Director, Transportation for Massachusetts; Brookline resident
Greater Boston has the worst rush-hour traffic congestion in the country. Our soul-crushing gridlock is holding back our regional economy and hurting our quality of life. Policymakers have neglected this problem for too long.
Fixing it is going to require using our roads more efficiently, and that’s where High Occupancy Lanes lanes come in.
The evidence is clear that HOV lanes are more effective than standard travel lanes at getting people where they need to go. Before the state Department of Transportation made the irresponsible (and likely illegal) decision last May to temporarily close the Interstate 93 inbound HOV lane from Medford to the Zakim Bridge, MassDOT’s own data showed that, at rush hour, the I-93 inbound HOV was moving 2,253 people per hour, while the adjacent standard travel lanes were moving just 1,492 people per hour.
Imagine if every lane were as efficient as an HOV lane — we would have less traffic, less air pollution, and less frustration for commuters. HOV lanes work because they provide people using the most space-efficient vehicles — buses, vans, carpools — a faster, more reliable, more appealing trip. With HOV lanes offering those advantages, ridership in those forms of transportation grows. This is why HOV lanes benefit even those driving in single-occupancy vehicles: by freeing up space on roads that would otherwise be crowded by even worse traffic.
In the last few years, area cities and towns have been leading the way on upgrading road space to prioritize travel efficiency. In Arlington, Boston, Cambridge, Everett, and Watertown, rush-hour buses have new dedicated lanes to speed up commutes. Results show bus ridership is up on some routes, which means fewer vehicles taking up space in the other lanes.
MassDOT should restore the HOV lane on I-93 southbound from Medford. Closing it has given bus riders and carpoolers lengthier commutes — which is exactly the wrong outcome when we are trying to make our roads more efficient for everybody. In fact, HOV lanes can and should be explored as options on additional roads experiencing chronic traffic congestion, whether that is the Massachusetts Turnpike, Route 1, Route 128, or other highways under MassDOT authority.
Wakefield resident, director of external relations for the Beacon Hill Institute
Of all the half-measures used to control congestion, high occupancy vehicle lanes are one of the major disappointments of our time. In our state, HOV lanes were introduced more than two decades ago to help mitigate the Big Dig’s effects on air quality and congestion. Today they are a relic of the past. Massachusetts would do well by eliminating them and trying something else.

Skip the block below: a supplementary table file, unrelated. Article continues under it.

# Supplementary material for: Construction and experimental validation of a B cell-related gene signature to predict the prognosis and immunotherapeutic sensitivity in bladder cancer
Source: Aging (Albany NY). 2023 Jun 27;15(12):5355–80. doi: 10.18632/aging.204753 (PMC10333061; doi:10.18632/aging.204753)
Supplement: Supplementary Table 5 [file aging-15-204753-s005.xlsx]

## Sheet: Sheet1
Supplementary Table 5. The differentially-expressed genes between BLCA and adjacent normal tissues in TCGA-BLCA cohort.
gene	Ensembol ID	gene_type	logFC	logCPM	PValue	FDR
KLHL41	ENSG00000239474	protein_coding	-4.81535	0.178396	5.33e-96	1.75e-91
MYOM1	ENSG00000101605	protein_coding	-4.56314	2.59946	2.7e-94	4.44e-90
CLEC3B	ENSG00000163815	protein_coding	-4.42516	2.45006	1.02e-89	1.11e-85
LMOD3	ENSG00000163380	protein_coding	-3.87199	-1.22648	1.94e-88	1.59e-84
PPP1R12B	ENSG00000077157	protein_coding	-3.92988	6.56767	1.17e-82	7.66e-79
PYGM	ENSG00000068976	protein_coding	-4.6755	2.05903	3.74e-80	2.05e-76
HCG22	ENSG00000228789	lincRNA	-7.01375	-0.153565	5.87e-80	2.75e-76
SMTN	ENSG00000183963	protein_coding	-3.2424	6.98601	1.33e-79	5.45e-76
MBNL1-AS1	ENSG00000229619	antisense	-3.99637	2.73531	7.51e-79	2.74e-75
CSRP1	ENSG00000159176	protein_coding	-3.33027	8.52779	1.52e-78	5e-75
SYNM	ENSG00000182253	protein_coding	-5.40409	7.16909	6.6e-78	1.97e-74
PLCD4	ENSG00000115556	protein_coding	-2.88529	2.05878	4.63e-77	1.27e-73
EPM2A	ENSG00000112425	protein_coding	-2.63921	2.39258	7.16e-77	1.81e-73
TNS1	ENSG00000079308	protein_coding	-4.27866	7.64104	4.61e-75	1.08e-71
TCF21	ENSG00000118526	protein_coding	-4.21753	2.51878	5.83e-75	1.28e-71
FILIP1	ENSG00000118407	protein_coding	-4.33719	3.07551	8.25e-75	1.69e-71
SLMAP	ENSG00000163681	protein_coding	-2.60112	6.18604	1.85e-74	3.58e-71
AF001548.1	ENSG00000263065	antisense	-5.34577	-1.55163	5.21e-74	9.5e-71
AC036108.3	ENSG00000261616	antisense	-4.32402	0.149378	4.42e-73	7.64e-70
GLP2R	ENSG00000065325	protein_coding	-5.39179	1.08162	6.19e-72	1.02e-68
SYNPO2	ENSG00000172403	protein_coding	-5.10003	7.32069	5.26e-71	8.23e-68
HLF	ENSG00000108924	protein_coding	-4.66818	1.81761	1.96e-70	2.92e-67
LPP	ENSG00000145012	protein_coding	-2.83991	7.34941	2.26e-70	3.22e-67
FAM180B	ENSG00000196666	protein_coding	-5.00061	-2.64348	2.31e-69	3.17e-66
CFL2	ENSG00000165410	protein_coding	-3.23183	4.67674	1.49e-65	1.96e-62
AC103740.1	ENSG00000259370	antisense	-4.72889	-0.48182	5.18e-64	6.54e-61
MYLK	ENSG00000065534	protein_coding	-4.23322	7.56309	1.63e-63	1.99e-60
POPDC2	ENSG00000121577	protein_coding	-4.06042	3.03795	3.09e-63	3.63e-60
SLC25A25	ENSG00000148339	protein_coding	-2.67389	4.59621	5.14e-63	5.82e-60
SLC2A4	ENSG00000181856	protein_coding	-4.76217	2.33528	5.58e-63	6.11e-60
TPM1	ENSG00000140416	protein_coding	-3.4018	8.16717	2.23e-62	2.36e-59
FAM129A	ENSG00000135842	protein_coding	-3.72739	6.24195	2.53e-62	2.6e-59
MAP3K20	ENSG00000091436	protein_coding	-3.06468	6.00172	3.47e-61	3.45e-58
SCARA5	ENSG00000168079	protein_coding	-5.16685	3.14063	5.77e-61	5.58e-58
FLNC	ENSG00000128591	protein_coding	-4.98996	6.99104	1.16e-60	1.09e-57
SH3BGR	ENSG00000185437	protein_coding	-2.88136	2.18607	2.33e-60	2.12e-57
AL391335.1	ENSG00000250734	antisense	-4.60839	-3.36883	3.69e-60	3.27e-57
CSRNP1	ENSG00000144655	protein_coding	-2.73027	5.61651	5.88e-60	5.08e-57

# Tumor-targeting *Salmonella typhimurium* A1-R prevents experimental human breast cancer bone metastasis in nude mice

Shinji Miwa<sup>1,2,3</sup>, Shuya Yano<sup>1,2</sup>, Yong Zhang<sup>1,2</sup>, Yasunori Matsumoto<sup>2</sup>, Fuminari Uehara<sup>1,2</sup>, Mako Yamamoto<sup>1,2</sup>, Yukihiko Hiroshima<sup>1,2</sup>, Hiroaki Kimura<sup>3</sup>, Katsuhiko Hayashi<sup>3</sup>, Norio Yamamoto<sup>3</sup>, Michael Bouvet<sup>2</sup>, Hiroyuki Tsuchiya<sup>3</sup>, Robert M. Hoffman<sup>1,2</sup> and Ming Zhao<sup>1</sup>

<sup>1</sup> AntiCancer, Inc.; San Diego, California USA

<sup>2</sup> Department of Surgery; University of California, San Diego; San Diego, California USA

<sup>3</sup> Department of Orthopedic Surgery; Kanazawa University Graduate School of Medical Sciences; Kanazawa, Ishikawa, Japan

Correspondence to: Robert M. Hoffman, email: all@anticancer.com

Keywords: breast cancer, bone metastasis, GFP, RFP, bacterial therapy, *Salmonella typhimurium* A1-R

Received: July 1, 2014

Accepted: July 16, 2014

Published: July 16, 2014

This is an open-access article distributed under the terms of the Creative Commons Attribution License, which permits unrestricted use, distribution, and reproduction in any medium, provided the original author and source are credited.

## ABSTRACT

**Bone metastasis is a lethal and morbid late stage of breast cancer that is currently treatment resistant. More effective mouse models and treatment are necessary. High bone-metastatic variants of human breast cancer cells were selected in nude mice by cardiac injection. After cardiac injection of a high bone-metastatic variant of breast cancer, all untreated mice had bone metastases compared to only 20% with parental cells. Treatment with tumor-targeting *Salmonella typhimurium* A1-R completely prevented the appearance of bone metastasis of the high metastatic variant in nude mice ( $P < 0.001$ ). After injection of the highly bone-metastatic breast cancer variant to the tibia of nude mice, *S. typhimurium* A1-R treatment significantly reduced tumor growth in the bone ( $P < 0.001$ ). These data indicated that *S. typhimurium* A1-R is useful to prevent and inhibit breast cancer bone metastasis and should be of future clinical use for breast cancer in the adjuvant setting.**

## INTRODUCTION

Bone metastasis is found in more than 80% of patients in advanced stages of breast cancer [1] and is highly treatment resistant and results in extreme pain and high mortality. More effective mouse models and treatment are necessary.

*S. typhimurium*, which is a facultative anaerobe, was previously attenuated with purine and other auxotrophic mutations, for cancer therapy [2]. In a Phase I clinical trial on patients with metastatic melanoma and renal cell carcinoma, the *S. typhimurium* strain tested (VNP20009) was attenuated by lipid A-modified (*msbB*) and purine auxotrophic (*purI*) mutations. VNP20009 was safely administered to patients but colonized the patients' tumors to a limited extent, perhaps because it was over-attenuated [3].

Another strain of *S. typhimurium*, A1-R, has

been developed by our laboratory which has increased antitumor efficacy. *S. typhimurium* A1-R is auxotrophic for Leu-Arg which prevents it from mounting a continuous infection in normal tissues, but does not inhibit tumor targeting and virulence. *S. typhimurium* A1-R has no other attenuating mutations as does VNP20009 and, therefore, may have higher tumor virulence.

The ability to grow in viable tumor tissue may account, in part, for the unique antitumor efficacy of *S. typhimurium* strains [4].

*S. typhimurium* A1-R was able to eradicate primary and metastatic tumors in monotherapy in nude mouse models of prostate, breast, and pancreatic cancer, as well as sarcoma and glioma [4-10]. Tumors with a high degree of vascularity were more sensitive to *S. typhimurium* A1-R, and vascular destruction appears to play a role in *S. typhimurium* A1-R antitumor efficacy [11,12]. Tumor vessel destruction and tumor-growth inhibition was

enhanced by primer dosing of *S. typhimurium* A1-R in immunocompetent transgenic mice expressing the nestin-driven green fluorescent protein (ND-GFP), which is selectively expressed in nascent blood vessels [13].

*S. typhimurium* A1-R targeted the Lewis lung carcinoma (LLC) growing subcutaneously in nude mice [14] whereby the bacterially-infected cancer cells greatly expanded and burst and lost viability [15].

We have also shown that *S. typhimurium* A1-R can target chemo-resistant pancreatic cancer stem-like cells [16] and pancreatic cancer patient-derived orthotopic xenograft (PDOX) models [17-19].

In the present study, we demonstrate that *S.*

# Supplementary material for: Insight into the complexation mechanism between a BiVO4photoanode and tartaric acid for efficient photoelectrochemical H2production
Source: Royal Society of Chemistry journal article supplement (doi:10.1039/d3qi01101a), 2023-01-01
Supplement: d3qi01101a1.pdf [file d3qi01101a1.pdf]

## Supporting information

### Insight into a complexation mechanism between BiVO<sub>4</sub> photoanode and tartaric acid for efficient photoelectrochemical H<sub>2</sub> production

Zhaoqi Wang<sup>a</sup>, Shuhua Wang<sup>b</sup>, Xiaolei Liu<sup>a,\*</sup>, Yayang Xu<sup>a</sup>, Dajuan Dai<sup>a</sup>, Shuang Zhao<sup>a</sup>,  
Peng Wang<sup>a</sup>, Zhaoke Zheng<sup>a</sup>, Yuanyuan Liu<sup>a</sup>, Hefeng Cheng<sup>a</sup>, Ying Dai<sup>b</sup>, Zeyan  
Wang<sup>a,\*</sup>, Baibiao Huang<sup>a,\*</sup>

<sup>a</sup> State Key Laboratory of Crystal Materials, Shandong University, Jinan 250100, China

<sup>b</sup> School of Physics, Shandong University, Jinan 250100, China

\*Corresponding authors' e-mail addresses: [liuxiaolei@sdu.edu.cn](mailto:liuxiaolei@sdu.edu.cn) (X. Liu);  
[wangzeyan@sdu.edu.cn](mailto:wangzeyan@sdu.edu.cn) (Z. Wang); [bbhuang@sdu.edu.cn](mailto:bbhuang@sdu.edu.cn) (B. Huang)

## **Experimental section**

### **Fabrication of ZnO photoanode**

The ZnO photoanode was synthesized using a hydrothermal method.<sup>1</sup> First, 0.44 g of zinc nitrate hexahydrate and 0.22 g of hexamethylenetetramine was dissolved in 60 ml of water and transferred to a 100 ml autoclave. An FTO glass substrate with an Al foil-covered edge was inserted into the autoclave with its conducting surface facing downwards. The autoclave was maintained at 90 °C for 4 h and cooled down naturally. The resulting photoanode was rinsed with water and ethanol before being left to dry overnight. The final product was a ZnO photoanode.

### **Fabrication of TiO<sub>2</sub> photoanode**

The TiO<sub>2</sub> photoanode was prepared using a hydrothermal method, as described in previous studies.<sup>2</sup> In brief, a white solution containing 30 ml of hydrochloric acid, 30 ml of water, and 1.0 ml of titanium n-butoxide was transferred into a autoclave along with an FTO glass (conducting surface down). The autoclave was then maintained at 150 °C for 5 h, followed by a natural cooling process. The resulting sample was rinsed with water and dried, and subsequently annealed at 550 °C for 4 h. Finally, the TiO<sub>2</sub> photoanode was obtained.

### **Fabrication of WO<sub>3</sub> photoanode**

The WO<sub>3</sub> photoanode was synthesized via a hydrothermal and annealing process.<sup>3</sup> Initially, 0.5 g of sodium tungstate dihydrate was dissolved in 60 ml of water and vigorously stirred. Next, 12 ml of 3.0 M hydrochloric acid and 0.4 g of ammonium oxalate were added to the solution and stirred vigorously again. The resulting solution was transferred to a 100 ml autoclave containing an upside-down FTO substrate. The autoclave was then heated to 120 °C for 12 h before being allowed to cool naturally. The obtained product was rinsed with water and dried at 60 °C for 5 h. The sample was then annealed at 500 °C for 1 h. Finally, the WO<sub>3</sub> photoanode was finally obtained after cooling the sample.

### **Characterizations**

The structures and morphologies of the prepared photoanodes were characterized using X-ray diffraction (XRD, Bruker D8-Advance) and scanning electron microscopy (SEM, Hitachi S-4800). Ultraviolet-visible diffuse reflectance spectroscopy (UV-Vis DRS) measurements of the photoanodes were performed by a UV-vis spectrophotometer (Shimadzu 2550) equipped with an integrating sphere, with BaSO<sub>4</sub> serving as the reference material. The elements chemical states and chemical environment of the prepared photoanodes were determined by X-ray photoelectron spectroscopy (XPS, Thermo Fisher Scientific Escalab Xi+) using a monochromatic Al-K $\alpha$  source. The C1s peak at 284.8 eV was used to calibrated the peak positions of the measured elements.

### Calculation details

The HOV lane was born as a collectivist aspiration to curb the perceived excess of individualism. But Americans never abandoned their right to ride alone abetted by technology-improved gasoline efficiency and comfort. In a recent Suffolk University poll, about 76 percent of Massachusetts residents said they drive alone to get to work or school. It is evident HOV lanes do not ease congestion: As everyone knows, traffic — a byproduct of strong economic growth — is worse overall today than before the Big Dig. The state reports a decline in emissions from 1990 to 2016 but does not mention HOV lanes as a contributing factor.
Today, finding oneself stuck in a general-purpose lane offers ample opportunity to glance over a couple of lanes and see an underused resource. Only about 9 percent of American workers carpool. And in Massachusetts, enforcing the two-person carpool limit seems practically non-existent. The state recently conceded that HOV lanes “do not necessarily provide sufficient travel time savings.”
Massachusetts doesn’t have many HOV lanes, and without such incentives as satellite parking lots, it’s unlikely they can be expanded anywhere else. Moreover, bus transit doesn’t generate enough traffic to maximize HOVs: that’s because unlike transit systems where buses are more prominent, the MBTA is rail and subway-centered.
Economists have long argued for congestion pricing as a solution to congestion, and converting HOVs into variable High-Occupancy Toll lanes (buses would ride for free) could help the problem. But despite the concrete incentives to change behavior, HOT’s raise concerns about equity.
Factoring in the current costs — tolls, gas taxes, and most importantly time — drivers discount the advertised benefits of hopping onto a bus or getting a lift in a carpool. Eliminating HOVs may be one way of giving them a break, at least temporarily.
This is not a scientific survey. Please only vote once.